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Rediff.com  » Business » India, not China, will be electronics hub: Sibal

India, not China, will be electronics hub: Sibal

Last updated on: February 1, 2013 11:21 IST

India, not China, will be electronics hub: Sibal

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Ritu Jha in San Francisco

In the coming decade every time you think of electronics, it 's not going to be China it's going to be India, with that motive in mind Kapil Sibal, Union Minister of Communications & IT, who wants to make India an electronic manufacturing hub, was in Silicon Valley (California) early this week.

"We want manufacturing to take place in India because we cannot afford to pay $400 billion in electronics we do not have that money," Sibal, said on spending in India's electronics market that is expected to reach about $400 billion by 2020.

Sibal in the past few days has visited several companies, had a road show and a series of meetings, with his offer urging them to open manufacturing units in India. The private meeting though was not disclosed but he visited Cisco, Apple, SanDisk Corporation, Applied Material, Oracle to name a few.

During his speech on Wednesday at TiE Silicon Valley, Sibal said that everyone he met in the Silicon Valley was enthusiastic about manufacturing. This was not the case five years ago. "We've realised the market is huge," said Sibal and added, "There is a great combination we have a very high quality human source."

To attract the companies Sibal said the government has come up with a policy National Policy on Electronics set up past June, that offers series of incentives and subsidies to encourage firms to set up electronics manufacturing units under the programme Electronic System Design and Manufacturing.

He said the manufacturing need is everywhere whether it's medical, energy, avionics or automobile, there is a huge revolution taking place. "Industries are extremely happy to come to India," he reiterated.

"We want to come into hardware and see them (young generation) succeed and create job. So we have put some incentives in place for the industries to come. Both in terms of electronic manufacturing cluster, subsidy to set up fab (electronic chip fabrication) industry," acknowledged Sibal. Government will be offering 50 to 75 per cent of incentives in electronic manufacturing cluster.

He added: "Along with this, we believe by 2020 we'll have a total employment capacity in electronics alone would be 28 million young people. That's the kind of potential we are looking at. The investment requirement would be over $100 billion and we believe that by 2020 we believe that 65 per cent of all electronic products must be manufactured in India."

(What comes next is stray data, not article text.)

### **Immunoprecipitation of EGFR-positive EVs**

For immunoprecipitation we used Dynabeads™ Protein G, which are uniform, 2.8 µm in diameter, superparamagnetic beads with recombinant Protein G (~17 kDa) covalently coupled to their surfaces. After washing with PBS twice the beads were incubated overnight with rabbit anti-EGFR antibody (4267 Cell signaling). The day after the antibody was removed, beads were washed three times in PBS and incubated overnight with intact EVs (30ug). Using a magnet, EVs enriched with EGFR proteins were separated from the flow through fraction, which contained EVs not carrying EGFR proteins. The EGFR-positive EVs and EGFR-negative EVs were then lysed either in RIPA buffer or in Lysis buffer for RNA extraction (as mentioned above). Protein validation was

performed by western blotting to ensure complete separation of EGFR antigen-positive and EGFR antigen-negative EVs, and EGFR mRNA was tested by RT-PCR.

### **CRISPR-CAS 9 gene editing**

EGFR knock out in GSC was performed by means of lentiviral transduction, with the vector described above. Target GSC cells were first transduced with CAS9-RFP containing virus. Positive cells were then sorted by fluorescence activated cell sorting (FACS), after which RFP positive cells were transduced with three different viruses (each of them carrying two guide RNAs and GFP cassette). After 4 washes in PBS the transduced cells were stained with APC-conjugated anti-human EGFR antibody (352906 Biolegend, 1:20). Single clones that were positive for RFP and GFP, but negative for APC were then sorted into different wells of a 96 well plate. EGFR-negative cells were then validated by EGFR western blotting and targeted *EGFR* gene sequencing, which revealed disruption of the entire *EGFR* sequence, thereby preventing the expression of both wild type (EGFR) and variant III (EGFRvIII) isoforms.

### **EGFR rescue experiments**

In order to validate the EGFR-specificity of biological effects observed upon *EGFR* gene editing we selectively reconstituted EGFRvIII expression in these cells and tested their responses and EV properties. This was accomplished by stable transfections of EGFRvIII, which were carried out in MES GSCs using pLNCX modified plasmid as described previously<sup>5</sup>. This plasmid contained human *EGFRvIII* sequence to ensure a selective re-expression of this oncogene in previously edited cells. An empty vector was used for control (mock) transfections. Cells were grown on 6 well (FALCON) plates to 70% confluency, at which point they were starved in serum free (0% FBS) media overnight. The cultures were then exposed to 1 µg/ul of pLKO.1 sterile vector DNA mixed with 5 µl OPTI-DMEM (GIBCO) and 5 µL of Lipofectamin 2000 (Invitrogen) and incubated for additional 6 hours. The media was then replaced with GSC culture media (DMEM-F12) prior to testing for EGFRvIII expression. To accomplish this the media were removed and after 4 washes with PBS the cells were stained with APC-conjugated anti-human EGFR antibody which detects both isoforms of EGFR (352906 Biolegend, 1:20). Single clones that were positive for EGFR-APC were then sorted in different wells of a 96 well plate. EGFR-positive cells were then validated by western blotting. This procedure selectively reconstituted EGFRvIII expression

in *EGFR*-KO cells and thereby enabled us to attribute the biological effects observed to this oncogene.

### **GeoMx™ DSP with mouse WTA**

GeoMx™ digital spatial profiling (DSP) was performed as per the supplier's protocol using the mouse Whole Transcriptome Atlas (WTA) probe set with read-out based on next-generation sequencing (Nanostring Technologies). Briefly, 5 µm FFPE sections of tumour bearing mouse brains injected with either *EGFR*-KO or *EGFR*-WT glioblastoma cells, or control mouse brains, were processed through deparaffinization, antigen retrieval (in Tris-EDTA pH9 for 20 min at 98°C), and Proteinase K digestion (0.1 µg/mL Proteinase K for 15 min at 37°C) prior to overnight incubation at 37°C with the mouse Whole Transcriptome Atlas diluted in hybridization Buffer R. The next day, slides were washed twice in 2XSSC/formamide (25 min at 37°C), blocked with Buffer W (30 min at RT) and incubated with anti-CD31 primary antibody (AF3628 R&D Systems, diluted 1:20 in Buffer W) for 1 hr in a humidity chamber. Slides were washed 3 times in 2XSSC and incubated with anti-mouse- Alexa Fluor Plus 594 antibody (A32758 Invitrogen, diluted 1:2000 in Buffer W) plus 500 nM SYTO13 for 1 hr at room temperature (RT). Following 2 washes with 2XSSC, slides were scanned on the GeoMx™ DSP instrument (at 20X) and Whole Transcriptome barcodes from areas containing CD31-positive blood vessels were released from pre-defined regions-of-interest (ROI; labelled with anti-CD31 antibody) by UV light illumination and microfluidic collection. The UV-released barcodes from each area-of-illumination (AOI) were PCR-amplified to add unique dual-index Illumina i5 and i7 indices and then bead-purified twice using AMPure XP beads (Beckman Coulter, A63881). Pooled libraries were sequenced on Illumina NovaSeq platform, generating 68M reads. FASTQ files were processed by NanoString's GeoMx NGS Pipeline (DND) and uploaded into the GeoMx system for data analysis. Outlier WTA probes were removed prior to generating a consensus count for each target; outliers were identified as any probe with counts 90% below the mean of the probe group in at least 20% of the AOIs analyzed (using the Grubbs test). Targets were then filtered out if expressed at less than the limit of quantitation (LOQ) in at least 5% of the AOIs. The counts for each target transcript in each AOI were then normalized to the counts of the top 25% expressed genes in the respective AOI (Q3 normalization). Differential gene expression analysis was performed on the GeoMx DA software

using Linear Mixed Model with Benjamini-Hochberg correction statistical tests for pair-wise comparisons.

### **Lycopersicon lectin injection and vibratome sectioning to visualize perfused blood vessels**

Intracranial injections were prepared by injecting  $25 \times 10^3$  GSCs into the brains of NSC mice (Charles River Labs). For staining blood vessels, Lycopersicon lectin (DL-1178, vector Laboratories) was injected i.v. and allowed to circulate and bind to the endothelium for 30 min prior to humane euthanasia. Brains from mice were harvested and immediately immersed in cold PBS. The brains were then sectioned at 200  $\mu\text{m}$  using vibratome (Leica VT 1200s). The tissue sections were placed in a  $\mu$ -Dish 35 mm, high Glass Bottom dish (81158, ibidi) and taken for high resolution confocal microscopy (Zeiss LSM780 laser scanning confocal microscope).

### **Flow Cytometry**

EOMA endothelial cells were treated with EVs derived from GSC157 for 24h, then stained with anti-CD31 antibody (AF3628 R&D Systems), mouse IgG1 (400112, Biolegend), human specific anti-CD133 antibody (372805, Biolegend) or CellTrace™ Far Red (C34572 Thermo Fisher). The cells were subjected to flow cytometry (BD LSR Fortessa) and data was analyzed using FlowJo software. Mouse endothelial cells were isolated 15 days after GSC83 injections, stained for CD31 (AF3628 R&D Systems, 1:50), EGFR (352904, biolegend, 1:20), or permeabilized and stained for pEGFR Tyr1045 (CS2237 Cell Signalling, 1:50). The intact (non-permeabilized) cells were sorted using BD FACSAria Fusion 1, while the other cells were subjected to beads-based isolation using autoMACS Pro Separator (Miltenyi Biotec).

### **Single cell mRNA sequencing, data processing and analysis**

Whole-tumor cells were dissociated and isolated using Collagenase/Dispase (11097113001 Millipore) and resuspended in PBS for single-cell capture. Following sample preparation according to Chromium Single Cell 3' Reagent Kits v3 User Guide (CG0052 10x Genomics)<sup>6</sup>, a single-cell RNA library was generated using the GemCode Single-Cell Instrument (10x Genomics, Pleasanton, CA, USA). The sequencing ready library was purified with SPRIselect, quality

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Image: Kapil Sibal at a TiE Silicon Valley event in California.


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Talking about telecom industry he said what is happening at present is telecom companies in India are just importing stuff, assembling it and making a profit.

"There is no manufacturing taking place and that is not good for us. What are they giving to India?" asked Sibal. Now with the policy if some products are going to be sold to government it has to be manufactured in India. "Some products with impacts on security must also be produced in India," stated Sibal.

Sibal also talked about setting up India's own 'International Standard' and regulations in terms of electronic manufacturing that would be active from April 2013."Why should we have standard being set by this part of the world (US). The market is there. I say they should follow us. We need to think differently," said Sibal.

"This is why we are here and there is no better place to communicate and share with those who have changed the world and are destined to change the world," said the minister to the 200 plus TiE members.

Ajay Kumar, joint secretary, Government of India, Ministry of Communications &IT, Department of Electronics and IT, told Rediff.com that India has grown in the software sector but electronic sector hasn't done well in the last couple of years. India is importing all electronic demand as of now and situation has reached to such proportion that it is not sustainable to continue doing it. Projection is that by 2020 the requirement of electronic is going to be $400 million out of which the import bill for electronic would be nearly $300 billion.

"Also the government thinks more over creating necessary jobs to young people in India," said Kumar. This will create more jobs and less dependence on import.